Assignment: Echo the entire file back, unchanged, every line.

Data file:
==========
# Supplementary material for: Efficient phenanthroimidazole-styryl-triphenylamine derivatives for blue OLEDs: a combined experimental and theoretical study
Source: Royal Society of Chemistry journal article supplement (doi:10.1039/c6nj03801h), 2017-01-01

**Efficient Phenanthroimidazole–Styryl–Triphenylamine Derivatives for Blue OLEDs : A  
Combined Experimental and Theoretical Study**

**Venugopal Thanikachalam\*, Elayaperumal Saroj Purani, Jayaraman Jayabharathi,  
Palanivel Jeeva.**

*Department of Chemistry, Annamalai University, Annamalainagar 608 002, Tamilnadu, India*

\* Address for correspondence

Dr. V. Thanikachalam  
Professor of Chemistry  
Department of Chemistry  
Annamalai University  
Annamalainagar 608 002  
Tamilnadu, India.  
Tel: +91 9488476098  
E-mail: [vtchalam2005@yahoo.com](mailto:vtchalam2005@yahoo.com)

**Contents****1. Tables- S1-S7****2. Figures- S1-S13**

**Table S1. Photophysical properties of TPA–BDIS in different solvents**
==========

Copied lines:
# Supplementary material for: Efficient phenanthroimidazole-styryl-triphenylamine derivatives for blue OLEDs: a combined experimental and theoretical study
Source: Royal Society of Chemistry journal article supplement (doi:10.1039/c6nj03801h), 2017-01-01

**Efficient Phenanthroimidazole–Styryl–Triphenylamine Derivatives for Blue OLEDs : A  
Combined Experimental and Theoretical Study**

**Venugopal Thanikachalam\*, Elayaperumal Saroj Purani, Jayaraman Jayabharathi,  
Palanivel Jeeva.**

*Department of Chemistry, Annamalai University, Annamalainagar 608 002, Tamilnadu, India*

\* Address for correspondence

Dr. V. Thanikachalam  
Professor of Chemistry  
Department of Chemistry  
Annamalai University  
Annamalainagar 608 002  
Tamilnadu, India.  
Tel: +91 9488476098  
E-mail: [vtchalam2005@yahoo.com](mailto:vtchalam2005@yahoo.com)

**Contents****1. Tables- S1-S7****2. Figures- S1-S13**

**Table S1. Photophysical properties of TPA–BDIS in different solvents**